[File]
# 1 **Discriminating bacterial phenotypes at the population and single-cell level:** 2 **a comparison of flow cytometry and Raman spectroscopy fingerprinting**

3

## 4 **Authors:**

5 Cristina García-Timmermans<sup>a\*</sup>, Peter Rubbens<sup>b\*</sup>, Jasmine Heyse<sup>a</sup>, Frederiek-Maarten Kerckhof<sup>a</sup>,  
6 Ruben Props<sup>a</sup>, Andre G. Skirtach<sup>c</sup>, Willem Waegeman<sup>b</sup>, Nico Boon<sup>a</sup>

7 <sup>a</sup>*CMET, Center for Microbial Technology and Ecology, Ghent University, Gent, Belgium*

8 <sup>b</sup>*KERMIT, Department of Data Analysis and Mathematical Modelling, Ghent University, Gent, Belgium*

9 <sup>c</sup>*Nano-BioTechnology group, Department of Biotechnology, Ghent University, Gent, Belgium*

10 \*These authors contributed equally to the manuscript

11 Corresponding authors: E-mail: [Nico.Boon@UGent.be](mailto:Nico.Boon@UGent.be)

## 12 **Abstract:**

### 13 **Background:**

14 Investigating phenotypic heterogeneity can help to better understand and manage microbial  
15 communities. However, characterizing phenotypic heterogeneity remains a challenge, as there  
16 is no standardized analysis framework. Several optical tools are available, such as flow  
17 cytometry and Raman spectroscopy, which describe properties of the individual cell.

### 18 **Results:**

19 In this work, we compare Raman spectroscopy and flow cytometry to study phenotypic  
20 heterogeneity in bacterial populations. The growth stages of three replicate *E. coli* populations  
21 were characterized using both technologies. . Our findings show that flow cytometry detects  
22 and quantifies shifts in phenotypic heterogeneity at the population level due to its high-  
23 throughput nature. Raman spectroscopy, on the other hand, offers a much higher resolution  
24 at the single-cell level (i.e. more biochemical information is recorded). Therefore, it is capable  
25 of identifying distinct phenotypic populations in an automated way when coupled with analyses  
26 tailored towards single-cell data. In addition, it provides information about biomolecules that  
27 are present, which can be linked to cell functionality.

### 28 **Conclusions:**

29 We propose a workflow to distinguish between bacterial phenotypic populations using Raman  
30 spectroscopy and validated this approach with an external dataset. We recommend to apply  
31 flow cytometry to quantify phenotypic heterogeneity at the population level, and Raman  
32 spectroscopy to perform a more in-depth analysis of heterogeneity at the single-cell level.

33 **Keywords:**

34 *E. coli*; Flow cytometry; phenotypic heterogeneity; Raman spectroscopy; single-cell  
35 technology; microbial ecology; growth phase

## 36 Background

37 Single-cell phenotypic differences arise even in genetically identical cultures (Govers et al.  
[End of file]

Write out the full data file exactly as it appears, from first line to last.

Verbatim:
# 1 **Discriminating bacterial phenotypes at the population and single-cell level:** 2 **a comparison of flow cytometry and Raman spectroscopy fingerprinting**

3

## 4 **Authors:**

5 Cristina García-Timmermans<sup>a\*</sup>, Peter Rubbens<sup>b\*</sup>, Jasmine Heyse<sup>a</sup>, Frederiek-Maarten Kerckhof<sup>a</sup>,  
6 Ruben Props<sup>a</sup>, Andre G. Skirtach<sup>c</sup>, Willem Waegeman<sup>b</sup>, Nico Boon<sup>a</sup>

7 <sup>a</sup>*CMET, Center for Microbial Technology and Ecology, Ghent University, Gent, Belgium*

8 <sup>b</sup>*KERMIT, Department of Data Analysis and Mathematical Modelling, Ghent University, Gent, Belgium*

9 <sup>c</sup>*Nano-BioTechnology group, Department of Biotechnology, Ghent University, Gent, Belgium*

10 \*These authors contributed equally to the manuscript

11 Corresponding authors: E-mail: [Nico.Boon@UGent.be](mailto:Nico.Boon@UGent.be)

## 12 **Abstract:**

### 13 **Background:**

14 Investigating phenotypic heterogeneity can help to better understand and manage microbial  
15 communities. However, characterizing phenotypic heterogeneity remains a challenge, as there  
16 is no standardized analysis framework. Several optical tools are available, such as flow  
17 cytometry and Raman spectroscopy, which describe properties of the individual cell.

### 18 **Results:**

19 In this work, we compare Raman spectroscopy and flow cytometry to study phenotypic  
20 heterogeneity in bacterial populations. The growth stages of three replicate *E. coli* populations  
21 were characterized using both technologies. . Our findings show that flow cytometry detects  
22 and quantifies shifts in phenotypic heterogeneity at the population level due to its high-  
23 throughput nature. Raman spectroscopy, on the other hand, offers a much higher resolution  
24 at the single-cell level (i.e. more biochemical information is recorded). Therefore, it is capable  
25 of identifying distinct phenotypic populations in an automated way when coupled with analyses  
26 tailored towards single-cell data. In addition, it provides information about biomolecules that  
27 are present, which can be linked to cell functionality.

### 28 **Conclusions:**

29 We propose a workflow to distinguish between bacterial phenotypic populations using Raman  
30 spectroscopy and validated this approach with an external dataset. We recommend to apply  
31 flow cytometry to quantify phenotypic heterogeneity at the population level, and Raman  
32 spectroscopy to perform a more in-depth analysis of heterogeneity at the single-cell level.

33 **Keywords:**

34 *E. coli*; Flow cytometry; phenotypic heterogeneity; Raman spectroscopy; single-cell  
35 technology; microbial ecology; growth phase

## 36 Background

37 Single-cell phenotypic differences arise even in genetically identical cultures (Govers et al.  